Environment and Climate Change Canada has published draft rules for a new Clean Fuel Standard (CFS) that it says would focus primarily on fossil refineries, reduce greenhouse gas emissions from liquid fuels by nearly 21 million tonnes by 2030, and drive up the cost of a litre of gasoline by up to 11¢.
“The regulations would require producers and distributors of fossil fuels to reduce their carbon content by 2.6% by 2022 and by 13% by 2030,” The Canadian Press reported before the holiday, using 2016 emissions as a baseline. “Companies could achieve that by reducing carbon emitted during production and use of those fuels, or by earning credits to apply against emissions.”
Refineries and other operations regulated under the CFS can receive credits by reducing their own carbon intensity through carbon capture or onsite renewables, supplying low-carbon fuels like ethanol of biodiesel, or investing in electric or fuel cell vehicles, the department said. “The broad range of compliance strategies allowed under the Clean Fuel Standard will give fossil fuel suppliers the flexibility to choose the lowest-cost compliance actions available.”
That market for carbon credits, in turn, “will create economic opportunities for voluntary parties like biofuel producers and other lower-carbon fuel producers to create and sell credits,” ECCC added. “This will create opportunities for feedstock providers like farmers and foresters supporting lower-carbon fuel production,” along with incentives for electric vehicle uptake and charging infrastructure.
“Federal officials say the proposed regulations would make it easier for industry to meet the standard,” CP wrote, giving producers “more flexibility in how to reduce emissions. Energy efficiency, cogeneration, electrification, and methane reduction could all qualify for credits.” Import rules for biofuels would also be tightened, to ensure the products are “actually reducing carbon emissions in their country of origin.”
The federal announcement December 18 kicked off a 75-day consultation period for the regulation, and the new standard is expected to take effect in 2022.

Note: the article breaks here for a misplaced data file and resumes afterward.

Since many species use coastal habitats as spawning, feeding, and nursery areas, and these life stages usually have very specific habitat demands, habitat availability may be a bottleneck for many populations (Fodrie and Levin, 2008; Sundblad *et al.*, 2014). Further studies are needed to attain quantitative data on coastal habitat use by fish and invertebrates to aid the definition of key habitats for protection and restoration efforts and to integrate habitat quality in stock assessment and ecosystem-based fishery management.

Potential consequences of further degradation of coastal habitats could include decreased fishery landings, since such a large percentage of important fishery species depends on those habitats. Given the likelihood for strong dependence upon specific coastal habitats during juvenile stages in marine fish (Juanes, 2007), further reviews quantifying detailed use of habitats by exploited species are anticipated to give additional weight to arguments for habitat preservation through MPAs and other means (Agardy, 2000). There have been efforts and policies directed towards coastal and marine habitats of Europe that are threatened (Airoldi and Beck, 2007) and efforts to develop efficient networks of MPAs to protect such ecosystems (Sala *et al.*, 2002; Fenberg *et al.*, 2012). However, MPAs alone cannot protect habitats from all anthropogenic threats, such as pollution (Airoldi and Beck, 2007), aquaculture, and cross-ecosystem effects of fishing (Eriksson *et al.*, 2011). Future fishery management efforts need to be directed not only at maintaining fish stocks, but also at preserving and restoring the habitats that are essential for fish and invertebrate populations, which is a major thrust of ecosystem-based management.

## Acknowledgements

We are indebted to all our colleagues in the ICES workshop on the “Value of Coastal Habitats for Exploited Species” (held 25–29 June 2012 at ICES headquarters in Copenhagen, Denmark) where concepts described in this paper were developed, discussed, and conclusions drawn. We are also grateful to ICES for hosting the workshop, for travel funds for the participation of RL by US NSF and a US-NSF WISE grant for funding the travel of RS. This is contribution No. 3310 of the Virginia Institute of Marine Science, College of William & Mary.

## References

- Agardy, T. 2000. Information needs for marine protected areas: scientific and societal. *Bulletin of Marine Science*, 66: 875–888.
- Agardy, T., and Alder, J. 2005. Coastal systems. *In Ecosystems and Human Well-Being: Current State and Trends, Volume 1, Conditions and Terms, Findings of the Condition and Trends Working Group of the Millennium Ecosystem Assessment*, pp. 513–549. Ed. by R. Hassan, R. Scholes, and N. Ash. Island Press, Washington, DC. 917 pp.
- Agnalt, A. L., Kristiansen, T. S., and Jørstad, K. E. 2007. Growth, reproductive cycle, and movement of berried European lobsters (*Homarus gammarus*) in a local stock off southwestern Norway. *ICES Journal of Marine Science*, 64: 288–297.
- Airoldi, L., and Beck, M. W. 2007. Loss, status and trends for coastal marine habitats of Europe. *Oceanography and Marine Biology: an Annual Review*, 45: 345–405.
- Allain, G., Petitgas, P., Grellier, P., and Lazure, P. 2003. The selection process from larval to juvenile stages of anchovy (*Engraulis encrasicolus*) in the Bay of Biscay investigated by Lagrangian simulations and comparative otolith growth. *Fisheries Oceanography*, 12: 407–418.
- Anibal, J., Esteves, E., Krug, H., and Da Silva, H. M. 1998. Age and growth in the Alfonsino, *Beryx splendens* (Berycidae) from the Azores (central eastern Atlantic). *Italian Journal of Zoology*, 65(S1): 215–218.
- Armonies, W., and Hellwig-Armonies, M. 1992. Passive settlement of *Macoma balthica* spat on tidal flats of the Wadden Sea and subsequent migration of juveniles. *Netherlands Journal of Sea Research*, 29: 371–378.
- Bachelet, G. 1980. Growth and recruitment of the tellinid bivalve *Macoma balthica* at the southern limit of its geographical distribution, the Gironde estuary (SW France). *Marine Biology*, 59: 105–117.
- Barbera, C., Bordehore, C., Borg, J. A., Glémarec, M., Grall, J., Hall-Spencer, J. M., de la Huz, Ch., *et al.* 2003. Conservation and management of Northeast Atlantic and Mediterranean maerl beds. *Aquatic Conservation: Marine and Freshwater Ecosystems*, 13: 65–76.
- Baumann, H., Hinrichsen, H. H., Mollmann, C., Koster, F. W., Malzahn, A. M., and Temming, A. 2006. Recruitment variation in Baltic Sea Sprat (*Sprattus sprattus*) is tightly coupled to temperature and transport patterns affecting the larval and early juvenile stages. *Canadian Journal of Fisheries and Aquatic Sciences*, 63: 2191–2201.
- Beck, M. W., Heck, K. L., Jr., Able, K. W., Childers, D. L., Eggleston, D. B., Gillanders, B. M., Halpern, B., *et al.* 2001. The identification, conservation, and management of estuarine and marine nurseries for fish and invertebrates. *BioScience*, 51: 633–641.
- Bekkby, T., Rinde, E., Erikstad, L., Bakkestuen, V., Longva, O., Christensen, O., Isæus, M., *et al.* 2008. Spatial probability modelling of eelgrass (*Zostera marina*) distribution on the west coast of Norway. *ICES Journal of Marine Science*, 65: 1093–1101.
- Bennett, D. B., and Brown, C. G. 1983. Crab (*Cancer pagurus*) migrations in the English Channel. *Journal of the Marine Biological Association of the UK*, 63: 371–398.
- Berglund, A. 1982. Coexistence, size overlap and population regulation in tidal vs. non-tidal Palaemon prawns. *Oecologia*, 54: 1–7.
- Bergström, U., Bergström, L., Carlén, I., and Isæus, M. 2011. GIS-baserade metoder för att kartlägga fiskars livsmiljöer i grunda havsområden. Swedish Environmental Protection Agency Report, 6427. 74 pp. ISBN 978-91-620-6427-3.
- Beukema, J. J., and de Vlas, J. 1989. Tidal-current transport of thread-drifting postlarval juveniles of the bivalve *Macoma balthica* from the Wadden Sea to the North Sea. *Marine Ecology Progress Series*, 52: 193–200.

Pembina Institute Senior Analyst Bora Plumptre called the CFS a “critical measure” for meeting the country’s climate targets.
“Clean fuels such as sustainable biofuels, low-carbon hydrogen, and electricity from renewables are at the core of all countries’ net-zero ambitions, and so we applaud the federal government for taking this long-heralded next step to build Canada’s competitive advantage in these key sectors,” he said in a release. “While carbon pricing motivates a gradual reduction in greenhouse gas emissions across the economy, the Clean Fuel Standard gets to work right away, specifically creating a market for zero- or lower-carbon fuel by regulating the amount of carbon pollution in our fuel supply.”
For consumers, the CFS “will result in only marginal cost increases at the pump, and will even reduce fuel costs for those who use more biofuels, low-carbon electricity, or hydrogen,” Plumptre added. “While carbon pricing gives consumers incentives to seek out such lower-carbon options, the Clean Fuel Standard actually reduces the carbon content of our fuels. Considering the enormous and growing cost of climate change to all Canadians, this regulation is both fair and cost-effective.”
CP said the fossil lobby was “more cautious” in its response to the regulation, saying it needed time to digest the details. In a release, the Canadian Association of Petroleum Producers said it “supports measures that incentivize innovation and deliver emissions reductions while avoiding increased costs”.